First lady’s mission was backer of ‘Ronnie’

Christopher Weber
Associated Press

Los Angeles — First lady Nancy Reagan swept into the White House in 1981, a swirl of designer gowns and pricey china, and was quickly dismissed as a pre-feminist throwback concerned only with fashion, decorating and entertaining. She needed a less frivolous image. And she got it.

By the time she packed up eight years later, the former movie actress was fending off accusations that she had become a “dragon lady,” wielding secret, unchecked power within Ronald Reagan’s administration — and doing it based on astrology to boot.

All along she maintained that her only mission was to back her “Ronnie” and strengthen his presidency.

“I’m a woman who loves her husband,” she said, “and I make no apologies for looking out for his personal and political welfare.”

Mrs. Reagan died Sunday at her home in the Bel-Air section of Los Angeles of congestive heart failure. She was 94.

She was Ronald Reagan’s closest adviser and fierce protector throughout his journey from Hollywood actor to governor to president — and finally during his 10-year battle with Alzheimer’s disease. She served as his full-time caregiver as his mind melted away, and after his death in 2004 dedicated herself to tending to his legacy through his presidential library in Simi Valley, California.

She also championed Alzheimer’s patients, raising millions of dollars for research and breaking with fellow conservative Republicans to advocate for stem cell research.

Her dignity and perseverance in these post-White House roles smoothed out public perceptions of Nancy Reagan that had been fickle as far back as her days as first lady of California.

If Reagan was the Teflon president, family friend and former aide Michael Deaver wrote, then Mrs. Reagan was the “flypaper first lady.” Controversies always stuck to her.

Their differences complemented each other, to the president’s advantage.

“She took on the tough jobs that Reagan wouldn’t or couldn’t handle: particularly staff decisions that were sure to make enemies,” Deaver wrote in a sympathetic memoir of working with Mrs. Reagan.

The couple’s mutual devotion over 52 years of marriage was legendary. In announcing his Alzheimer’s diagnosis in 1994, Reagan wrote, “I only wish there was some way I could spare Nancy from this painful experience.” Ten years later, as his body lay in state in the U.S. Capitol, Mrs. Reagan caressed and gently kissed the flag-draped casket.

Anne Frances Robbins, nicknamed Nancy, was born July 6, 1921, in New York City. Her parents separated soon after she was born and her mother, film and stage actress Edith Luckett, went on the road. Nancy was reared by an aunt until 1929, when her mother left show business and married Dr. Loyal Davis, a wealthy Chicago neurosurgeon. He gave Nancy his name and a socialite’s home. She majored in drama at Smith College and found stage work with the help of her mother’s connections.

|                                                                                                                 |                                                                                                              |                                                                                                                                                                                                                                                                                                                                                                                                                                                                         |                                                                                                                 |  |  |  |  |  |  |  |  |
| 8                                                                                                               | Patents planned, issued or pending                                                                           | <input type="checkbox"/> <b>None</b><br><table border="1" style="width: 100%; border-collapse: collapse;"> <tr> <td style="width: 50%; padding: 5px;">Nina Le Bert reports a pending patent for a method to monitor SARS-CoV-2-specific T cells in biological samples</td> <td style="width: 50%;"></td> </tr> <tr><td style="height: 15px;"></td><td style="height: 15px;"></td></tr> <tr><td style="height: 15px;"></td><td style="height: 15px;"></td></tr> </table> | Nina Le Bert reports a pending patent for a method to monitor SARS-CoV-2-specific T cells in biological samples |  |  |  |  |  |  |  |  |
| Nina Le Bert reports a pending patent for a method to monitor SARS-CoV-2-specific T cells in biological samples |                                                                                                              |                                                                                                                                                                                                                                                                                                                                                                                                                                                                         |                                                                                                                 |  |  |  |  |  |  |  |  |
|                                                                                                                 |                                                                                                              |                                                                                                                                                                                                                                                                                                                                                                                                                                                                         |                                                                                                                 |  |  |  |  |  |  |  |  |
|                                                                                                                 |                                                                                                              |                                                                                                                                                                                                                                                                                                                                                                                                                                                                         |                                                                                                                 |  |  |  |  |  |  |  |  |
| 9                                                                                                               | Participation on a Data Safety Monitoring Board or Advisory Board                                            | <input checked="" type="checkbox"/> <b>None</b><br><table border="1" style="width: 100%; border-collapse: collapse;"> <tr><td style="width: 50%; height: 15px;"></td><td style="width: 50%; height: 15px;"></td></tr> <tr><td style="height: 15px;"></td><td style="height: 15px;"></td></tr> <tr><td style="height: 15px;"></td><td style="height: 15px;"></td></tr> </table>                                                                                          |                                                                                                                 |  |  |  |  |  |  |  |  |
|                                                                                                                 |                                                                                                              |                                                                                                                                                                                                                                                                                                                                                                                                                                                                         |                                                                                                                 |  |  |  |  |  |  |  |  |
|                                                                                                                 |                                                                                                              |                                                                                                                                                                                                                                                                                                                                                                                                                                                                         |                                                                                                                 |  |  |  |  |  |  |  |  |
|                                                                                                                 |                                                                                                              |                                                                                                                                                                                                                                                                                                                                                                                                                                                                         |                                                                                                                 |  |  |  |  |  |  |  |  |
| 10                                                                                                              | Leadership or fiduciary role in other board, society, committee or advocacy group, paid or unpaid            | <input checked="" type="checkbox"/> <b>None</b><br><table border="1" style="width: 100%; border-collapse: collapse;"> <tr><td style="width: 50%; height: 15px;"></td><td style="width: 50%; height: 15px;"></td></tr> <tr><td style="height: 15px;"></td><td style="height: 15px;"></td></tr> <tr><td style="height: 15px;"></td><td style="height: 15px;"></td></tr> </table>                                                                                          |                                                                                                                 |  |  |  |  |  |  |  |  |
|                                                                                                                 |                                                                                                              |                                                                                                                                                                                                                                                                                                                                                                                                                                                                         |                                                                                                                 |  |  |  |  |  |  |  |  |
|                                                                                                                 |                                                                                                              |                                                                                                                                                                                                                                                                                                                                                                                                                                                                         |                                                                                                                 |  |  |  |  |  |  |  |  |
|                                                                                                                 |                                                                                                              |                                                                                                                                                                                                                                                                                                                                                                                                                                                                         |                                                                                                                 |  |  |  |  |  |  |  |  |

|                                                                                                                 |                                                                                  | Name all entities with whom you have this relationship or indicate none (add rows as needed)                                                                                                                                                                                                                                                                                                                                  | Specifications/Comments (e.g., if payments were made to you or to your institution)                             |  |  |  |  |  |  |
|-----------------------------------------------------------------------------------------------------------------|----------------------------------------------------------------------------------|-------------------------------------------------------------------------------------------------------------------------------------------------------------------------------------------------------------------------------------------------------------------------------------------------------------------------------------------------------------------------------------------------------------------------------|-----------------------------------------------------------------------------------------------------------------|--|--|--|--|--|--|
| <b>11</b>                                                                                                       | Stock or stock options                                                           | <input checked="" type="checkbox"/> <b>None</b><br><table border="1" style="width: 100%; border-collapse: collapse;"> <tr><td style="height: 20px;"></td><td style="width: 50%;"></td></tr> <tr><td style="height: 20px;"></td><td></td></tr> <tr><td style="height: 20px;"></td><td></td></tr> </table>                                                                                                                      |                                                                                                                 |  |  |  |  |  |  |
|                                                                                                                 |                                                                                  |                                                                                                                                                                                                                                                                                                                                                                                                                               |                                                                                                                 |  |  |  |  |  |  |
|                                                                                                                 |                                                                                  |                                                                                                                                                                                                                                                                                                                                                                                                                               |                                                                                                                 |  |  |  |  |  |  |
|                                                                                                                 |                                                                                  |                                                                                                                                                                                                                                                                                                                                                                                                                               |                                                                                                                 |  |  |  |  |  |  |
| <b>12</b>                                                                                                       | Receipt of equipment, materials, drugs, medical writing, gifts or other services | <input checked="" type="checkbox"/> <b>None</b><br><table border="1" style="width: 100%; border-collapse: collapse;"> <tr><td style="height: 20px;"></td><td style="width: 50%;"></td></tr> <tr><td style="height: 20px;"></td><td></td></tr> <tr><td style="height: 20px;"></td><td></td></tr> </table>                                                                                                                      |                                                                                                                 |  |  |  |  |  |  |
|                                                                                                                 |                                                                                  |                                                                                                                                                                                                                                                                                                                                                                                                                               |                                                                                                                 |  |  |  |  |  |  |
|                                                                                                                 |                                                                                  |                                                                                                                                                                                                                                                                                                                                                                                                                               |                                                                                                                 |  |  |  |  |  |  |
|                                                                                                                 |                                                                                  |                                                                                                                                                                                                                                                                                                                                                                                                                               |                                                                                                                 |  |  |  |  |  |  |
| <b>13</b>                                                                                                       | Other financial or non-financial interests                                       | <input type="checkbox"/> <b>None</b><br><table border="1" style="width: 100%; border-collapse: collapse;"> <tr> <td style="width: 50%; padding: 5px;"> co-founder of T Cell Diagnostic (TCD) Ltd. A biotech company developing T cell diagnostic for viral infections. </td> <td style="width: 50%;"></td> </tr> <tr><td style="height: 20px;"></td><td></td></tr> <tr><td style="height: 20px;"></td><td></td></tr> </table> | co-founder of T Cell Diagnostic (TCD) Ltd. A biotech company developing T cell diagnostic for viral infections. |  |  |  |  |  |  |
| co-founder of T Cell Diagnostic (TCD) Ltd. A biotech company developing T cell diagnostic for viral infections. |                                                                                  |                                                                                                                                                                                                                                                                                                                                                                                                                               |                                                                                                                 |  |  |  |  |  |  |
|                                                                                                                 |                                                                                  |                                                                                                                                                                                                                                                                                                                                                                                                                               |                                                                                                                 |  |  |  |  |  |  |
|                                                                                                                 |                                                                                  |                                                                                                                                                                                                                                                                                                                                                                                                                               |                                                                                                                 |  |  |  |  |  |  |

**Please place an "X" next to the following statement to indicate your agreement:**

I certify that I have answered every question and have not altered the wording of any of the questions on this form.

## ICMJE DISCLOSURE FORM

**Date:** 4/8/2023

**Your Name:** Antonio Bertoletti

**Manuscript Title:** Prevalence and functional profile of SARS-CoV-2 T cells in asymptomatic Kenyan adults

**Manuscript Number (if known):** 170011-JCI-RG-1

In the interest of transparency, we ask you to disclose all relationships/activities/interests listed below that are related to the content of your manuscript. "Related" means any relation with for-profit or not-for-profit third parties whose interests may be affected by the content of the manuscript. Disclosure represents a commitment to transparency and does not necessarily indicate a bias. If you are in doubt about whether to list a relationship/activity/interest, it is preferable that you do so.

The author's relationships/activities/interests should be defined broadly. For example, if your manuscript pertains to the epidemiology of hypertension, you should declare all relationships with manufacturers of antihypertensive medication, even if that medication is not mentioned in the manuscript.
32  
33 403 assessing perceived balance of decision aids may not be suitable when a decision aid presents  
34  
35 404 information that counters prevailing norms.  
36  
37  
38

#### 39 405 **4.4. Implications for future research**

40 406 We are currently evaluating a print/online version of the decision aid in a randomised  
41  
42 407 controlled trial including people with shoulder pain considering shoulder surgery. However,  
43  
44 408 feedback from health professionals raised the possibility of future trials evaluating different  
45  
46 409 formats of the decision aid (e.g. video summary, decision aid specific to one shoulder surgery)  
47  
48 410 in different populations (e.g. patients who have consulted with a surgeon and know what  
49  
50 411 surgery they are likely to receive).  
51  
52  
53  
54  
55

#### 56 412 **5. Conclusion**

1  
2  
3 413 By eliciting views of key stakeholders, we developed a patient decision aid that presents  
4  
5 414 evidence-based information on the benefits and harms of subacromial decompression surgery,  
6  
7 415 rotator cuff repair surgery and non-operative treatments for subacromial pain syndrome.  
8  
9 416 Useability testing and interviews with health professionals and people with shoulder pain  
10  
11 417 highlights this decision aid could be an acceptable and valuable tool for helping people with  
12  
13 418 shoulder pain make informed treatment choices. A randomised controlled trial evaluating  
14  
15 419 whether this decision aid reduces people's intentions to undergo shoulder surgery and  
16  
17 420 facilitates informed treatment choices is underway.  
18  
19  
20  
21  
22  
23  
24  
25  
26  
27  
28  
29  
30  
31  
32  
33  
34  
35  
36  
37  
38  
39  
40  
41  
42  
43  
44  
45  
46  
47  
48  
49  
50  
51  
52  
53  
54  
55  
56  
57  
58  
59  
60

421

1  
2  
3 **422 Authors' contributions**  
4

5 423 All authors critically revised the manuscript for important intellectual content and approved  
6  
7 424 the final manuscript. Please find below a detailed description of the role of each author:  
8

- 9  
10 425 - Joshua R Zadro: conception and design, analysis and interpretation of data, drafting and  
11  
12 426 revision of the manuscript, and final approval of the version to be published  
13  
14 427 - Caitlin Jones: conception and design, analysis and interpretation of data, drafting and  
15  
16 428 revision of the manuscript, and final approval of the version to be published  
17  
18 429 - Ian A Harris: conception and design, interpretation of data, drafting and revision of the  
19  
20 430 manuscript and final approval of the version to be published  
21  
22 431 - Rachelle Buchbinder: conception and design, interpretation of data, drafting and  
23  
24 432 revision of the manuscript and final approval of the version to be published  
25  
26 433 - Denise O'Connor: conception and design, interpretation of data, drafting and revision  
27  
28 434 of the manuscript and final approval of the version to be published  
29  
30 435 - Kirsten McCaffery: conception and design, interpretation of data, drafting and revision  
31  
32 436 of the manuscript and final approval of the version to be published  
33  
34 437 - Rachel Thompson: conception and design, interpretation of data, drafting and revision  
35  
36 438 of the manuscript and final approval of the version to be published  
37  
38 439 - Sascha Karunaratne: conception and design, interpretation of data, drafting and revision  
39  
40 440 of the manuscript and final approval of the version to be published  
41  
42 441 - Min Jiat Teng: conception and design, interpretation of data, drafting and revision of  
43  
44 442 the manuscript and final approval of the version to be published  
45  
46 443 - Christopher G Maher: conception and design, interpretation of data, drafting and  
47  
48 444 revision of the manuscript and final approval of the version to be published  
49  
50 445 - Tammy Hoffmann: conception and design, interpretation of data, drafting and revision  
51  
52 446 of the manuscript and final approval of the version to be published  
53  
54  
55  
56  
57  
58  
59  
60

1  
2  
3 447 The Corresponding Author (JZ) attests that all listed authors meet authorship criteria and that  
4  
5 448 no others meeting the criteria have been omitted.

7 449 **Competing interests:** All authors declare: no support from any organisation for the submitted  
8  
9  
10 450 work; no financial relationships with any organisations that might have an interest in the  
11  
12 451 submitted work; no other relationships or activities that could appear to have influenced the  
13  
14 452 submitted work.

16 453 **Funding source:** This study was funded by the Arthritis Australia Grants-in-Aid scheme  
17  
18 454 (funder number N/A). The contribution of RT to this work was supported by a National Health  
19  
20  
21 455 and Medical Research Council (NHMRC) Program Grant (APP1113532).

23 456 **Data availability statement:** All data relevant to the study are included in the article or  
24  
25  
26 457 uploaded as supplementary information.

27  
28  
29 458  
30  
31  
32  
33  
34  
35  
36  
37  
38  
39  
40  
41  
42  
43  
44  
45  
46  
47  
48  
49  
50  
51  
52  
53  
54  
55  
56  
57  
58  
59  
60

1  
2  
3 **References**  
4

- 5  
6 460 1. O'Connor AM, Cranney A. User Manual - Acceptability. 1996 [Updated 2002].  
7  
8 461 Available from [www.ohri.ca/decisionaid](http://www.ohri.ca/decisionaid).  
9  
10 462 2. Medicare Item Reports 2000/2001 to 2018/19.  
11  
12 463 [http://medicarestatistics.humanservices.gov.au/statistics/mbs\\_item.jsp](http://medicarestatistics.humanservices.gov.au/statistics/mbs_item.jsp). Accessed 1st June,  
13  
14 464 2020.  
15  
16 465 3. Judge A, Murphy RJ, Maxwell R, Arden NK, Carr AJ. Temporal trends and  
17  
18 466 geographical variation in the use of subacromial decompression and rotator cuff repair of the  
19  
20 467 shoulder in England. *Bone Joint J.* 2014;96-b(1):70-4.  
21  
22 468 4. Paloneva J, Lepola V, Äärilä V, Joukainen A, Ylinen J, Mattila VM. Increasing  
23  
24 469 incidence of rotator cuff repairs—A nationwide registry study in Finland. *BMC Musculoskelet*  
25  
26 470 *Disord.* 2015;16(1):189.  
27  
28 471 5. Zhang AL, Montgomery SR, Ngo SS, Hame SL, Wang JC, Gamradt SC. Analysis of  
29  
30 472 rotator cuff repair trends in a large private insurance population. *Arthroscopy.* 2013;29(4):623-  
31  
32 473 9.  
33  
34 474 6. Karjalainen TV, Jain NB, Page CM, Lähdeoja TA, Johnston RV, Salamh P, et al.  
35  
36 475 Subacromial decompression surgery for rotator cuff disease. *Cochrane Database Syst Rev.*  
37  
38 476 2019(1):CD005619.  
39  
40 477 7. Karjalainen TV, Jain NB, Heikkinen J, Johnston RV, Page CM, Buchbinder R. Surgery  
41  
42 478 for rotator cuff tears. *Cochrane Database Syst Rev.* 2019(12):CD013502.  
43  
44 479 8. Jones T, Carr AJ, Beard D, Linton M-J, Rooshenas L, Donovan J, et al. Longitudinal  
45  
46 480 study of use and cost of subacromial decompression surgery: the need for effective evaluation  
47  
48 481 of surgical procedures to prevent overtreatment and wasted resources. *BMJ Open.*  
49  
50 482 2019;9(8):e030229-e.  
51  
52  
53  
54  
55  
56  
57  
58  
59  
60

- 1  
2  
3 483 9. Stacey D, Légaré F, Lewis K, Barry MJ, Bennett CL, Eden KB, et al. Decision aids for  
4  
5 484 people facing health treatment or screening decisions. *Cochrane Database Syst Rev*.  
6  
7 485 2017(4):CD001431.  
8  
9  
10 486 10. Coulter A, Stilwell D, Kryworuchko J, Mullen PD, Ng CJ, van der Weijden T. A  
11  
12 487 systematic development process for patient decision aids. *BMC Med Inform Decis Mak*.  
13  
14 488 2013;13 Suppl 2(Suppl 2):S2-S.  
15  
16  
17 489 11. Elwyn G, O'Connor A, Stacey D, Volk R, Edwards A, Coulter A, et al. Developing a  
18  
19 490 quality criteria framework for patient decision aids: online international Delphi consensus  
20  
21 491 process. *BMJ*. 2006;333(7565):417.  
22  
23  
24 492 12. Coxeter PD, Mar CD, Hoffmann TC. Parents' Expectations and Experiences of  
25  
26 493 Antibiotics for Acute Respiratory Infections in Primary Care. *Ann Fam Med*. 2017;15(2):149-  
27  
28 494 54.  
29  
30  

In 1949, MGM signed Nancy Davis to a movie contract. Acting was never a career, she said, just something to do until she got married. It led her to Ronald Reagan in 1950, when he was president of the Screen Actors Guild, and she was seeking help with a problem — her name had been mistakenly published on a list of suspected communist sympathizers. They discussed it over dinner, and she later wrote that she realized on that first blind date “he was everything that I wanted.”

She was 30 years old when they wed two years later, on March 4, 1952. Daughter Patti was born in October of that year and son Ron followed in 1958. Reagan already had a daughter, Maureen, and an adopted son, Michael, from his prior marriage to actress Jane Wyman. (Later, spats and breaches with her rebellious grown children would become a frequent source of embarrassment for Mrs. Reagan.)

She was thrust into political life when her husband ran for governor in 1966, and found it too rough. “The movies were custard compared to politics,” said Mrs. Reagan, who spent eight years as California’s first lady.

As the nation’s first lady, her lavish lifestyle — in the midst of a recession and with her husband’s administration cutting spending on the needy — inspired the mocking moniker “Queen Nancy.”

She won better press coverage for her travels across the U.S. promoting the “Just Say No” anti-drug campaign for kids and teens helped develop a more serious, sympathetic conception of the first lady.

Her substantial influence within the White House came to light only slowly in her husband’s second term and afterward. Her familiar stare and frozen smile, formerly disparaged as Barbie-doll vacant, began to be described as steely. She famously helped drive out chief of staff Donald Regan after the Iran-Contra scandal broke under his watch in late 1986.

Near the end of Reagan’s presidency, Regan took his revenge with a memoir revealing that the first lady routinely used a San Francisco astrologer’s forecasts to guide the president’s daily schedule.

Mrs. Reagan also weathered unflattering portrayals in books by daughter Patti Davis. In her memoir, “My Turn,” Mrs. Reagan called their estrangement “one of the most painful and disappointing aspects of my life.” But Davis reconciled with her parents after her father’s illness was disclosed, and she was there holding her mother’s hand at his funeral service.

Mrs. Reagan spoke of how terribly she missed her husband in her final years. In 2009 she told Vanity Fair magazine how she had pressed evangelist Billy Graham for reassurance that they would be reunited after death.

“I said to him, ‘Just tell me if I’m going to be with Ronnie again. Just tell me that and I’ll be OK.’

“He said, ‘You are.’ And I said, ‘OK.’ ”